Deeper Waters Podcast 4/30/2016: Luke Cawley

What’s coming up on the next episode of the Deeper Waters Podcast? Let’s plunge into the Deeper Waters and find out.

Evangelism is sometimes said to be a lost art among evangelicals. We live in a world where we don’t really interact as much with people and make evangelism the focus. The early Christian church spread in an empire where there was no internet, few people writing apologetics works, and great persecution. We have so much more than they and we do so much less than they did. What can we do to improve our track record? How can we better reach those around us?

In order to discuss that, I have decided to bring onto the show Luke Cawley. Who is he?

me on stage

According to his bio:

I am a writer, speaker, trainer and the director of Chrysolis, an organization I helped start in 2012 with the aim of enabling others to better communicate the Jesus story.

Much of my time is spent in contexts where God is not typically discussed in depth. I love interacting with skeptical audiences in universities, schools, bars, cafes and theaters, and anywhere else I’m invited.

I also enjoy enabling individuals and Christian communities to better engage those around them with the story of Jesus.

I have spent most of my adult life founding and developing (missional) Christian communities on university campuses in Britain and Romania and am a regular speaker at conferences and outreach events in different countries.

I was previously part of the writing team at InterVarsity Evangelism and a columnist at the Church of England Newspaper. My first book, The Myth of the Non-Christian: Engaging Atheists, Nominal Christians and the Spiritual but not Religious, was published by InterVarsity Press in 2016.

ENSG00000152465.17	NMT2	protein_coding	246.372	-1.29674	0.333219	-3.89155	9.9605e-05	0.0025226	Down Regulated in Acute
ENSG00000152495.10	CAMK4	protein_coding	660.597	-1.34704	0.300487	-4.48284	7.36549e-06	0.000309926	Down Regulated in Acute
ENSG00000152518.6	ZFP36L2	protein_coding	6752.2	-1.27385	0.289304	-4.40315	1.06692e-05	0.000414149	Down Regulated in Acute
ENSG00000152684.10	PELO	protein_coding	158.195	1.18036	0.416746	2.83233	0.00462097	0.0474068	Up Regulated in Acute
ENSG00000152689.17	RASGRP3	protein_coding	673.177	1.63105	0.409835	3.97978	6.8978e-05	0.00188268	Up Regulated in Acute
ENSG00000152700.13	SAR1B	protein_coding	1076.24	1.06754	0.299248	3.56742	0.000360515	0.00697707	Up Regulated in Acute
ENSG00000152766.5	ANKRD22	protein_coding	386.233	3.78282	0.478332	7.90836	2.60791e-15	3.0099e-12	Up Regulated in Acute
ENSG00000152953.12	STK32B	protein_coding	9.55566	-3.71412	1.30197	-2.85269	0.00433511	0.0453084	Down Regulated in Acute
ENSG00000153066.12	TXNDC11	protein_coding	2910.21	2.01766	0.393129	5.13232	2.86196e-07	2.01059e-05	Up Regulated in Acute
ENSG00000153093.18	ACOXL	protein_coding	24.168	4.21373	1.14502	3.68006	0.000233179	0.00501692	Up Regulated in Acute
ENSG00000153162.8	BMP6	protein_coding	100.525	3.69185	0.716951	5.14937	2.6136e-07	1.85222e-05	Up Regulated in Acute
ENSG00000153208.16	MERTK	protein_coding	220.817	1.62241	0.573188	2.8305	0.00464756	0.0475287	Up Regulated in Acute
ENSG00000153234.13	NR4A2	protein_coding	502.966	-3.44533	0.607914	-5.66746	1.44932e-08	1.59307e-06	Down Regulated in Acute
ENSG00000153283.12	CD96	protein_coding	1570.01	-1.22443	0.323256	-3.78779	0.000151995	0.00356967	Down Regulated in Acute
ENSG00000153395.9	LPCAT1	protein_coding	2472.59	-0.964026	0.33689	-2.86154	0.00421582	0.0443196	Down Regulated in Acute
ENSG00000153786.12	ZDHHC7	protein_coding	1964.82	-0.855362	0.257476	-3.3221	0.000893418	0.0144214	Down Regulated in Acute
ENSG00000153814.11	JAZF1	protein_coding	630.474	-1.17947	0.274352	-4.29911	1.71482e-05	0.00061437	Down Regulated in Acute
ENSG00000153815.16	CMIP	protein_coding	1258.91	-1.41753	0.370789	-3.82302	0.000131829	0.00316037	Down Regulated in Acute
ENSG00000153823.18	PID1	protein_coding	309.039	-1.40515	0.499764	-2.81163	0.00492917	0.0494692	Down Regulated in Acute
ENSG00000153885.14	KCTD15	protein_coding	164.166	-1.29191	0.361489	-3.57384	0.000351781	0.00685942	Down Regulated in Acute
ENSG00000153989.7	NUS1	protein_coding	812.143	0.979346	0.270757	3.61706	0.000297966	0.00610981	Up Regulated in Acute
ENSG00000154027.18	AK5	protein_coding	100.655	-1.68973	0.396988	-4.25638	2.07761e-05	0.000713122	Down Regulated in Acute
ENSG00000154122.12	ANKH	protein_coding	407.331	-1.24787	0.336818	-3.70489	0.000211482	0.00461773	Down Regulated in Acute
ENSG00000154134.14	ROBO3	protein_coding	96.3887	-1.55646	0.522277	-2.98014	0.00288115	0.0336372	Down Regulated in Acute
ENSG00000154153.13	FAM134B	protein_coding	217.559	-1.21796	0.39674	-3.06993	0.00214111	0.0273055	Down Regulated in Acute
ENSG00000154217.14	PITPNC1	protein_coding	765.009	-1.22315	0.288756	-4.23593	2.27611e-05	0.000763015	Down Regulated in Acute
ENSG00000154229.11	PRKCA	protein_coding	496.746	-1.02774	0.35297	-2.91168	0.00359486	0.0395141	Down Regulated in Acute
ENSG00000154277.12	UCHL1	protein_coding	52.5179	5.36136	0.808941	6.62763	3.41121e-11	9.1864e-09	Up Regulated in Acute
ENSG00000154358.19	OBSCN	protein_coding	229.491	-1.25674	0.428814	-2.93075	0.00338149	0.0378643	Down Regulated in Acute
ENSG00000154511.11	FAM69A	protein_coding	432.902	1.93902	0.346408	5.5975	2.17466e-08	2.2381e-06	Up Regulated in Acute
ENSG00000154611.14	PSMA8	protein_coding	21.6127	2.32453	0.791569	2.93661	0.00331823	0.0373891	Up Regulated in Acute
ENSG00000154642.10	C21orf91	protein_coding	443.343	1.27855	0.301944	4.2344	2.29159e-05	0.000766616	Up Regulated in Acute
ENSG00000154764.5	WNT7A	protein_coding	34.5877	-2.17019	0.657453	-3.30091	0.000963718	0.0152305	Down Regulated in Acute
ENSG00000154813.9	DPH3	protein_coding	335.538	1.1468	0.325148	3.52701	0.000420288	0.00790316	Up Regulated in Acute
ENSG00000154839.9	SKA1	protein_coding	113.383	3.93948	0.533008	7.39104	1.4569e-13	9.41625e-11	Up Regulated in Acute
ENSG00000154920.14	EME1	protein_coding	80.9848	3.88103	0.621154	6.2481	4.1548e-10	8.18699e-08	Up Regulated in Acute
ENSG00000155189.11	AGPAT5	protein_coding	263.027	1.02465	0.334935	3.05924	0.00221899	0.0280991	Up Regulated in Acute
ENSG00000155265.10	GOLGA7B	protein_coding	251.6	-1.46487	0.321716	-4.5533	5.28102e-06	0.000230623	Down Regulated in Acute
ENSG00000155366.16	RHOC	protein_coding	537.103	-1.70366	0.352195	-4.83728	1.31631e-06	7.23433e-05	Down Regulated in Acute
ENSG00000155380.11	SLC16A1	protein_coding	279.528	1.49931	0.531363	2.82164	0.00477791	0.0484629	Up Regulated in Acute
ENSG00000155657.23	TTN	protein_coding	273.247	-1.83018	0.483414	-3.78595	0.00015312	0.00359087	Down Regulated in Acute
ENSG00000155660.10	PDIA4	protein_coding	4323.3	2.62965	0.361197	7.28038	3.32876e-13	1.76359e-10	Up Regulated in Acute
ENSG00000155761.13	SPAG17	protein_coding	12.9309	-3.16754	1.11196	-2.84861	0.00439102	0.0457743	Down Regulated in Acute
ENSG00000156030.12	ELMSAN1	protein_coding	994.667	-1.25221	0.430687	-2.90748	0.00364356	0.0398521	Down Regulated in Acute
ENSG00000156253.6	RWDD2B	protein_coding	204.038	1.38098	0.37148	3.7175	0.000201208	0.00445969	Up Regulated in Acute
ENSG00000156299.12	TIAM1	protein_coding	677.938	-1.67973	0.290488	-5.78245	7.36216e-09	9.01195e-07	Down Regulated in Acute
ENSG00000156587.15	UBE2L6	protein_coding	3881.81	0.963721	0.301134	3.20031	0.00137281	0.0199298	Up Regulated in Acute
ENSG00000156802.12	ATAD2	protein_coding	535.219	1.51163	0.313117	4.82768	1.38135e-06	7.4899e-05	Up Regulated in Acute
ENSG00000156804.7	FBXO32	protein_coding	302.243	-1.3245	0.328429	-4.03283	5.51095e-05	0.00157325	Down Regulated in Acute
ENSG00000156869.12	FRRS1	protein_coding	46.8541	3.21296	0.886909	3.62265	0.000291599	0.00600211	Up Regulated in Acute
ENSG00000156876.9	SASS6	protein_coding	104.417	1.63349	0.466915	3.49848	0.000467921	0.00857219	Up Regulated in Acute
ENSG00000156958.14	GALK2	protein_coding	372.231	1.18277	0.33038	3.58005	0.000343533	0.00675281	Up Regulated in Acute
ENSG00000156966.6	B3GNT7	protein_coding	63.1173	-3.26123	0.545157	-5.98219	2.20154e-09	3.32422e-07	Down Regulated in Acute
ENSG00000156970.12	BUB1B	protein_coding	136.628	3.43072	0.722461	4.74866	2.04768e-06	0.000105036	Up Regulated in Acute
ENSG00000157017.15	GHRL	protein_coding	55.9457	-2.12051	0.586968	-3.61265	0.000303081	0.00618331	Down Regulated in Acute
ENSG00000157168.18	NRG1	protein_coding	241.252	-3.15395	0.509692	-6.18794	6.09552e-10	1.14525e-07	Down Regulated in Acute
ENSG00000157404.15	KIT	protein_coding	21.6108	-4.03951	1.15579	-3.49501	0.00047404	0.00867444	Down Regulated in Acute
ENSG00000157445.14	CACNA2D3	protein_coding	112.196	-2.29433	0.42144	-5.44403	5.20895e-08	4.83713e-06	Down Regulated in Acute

I have an MA in Evangelism & Leadership from Wheaton College and a Certificate in Theological and Pastoral Studies (concentrated in Christian Apologetics) from Oxford University. I’m married to Whitney, a lovely South Carolinian school teacher, and we have three young children.

Luke is the author of The Myth of the Non-ChristianThis book is not about some kind of idea of universalism. No. It’s a book about how to do evangelism and reach three different types of people. Those people are the ones who describe themselves as spiritual but not religious, atheists and agnostics, and then nominal Christians.
Cawley’s book is one that certainly got me thinking about evangelism and does so still to this day and with my wife and I having a new church here in the area we’re attending, I’m thinking of implementing some ideas if given the chance. Cawley’s book does have apologetics in it, but those are more resources in the back. Instead, consider it a book to be more like Greg Koukl’s Tactics in that Cawley teaches you more how to do apologetics and it depends on the person that you meet.
We’ll be discussing these kinds of matters. Why is it that some evangelistic encounters can fall so incredibly short? Is there a proper time to answer someone’s questions and a proper time to just cut through the questions? How does apologetics play a role in the process of evangelism? What do you do when you encounter people who say they are Christians but who do not really live lives that seem to match Christianity and you fear that they could be Christians in name only?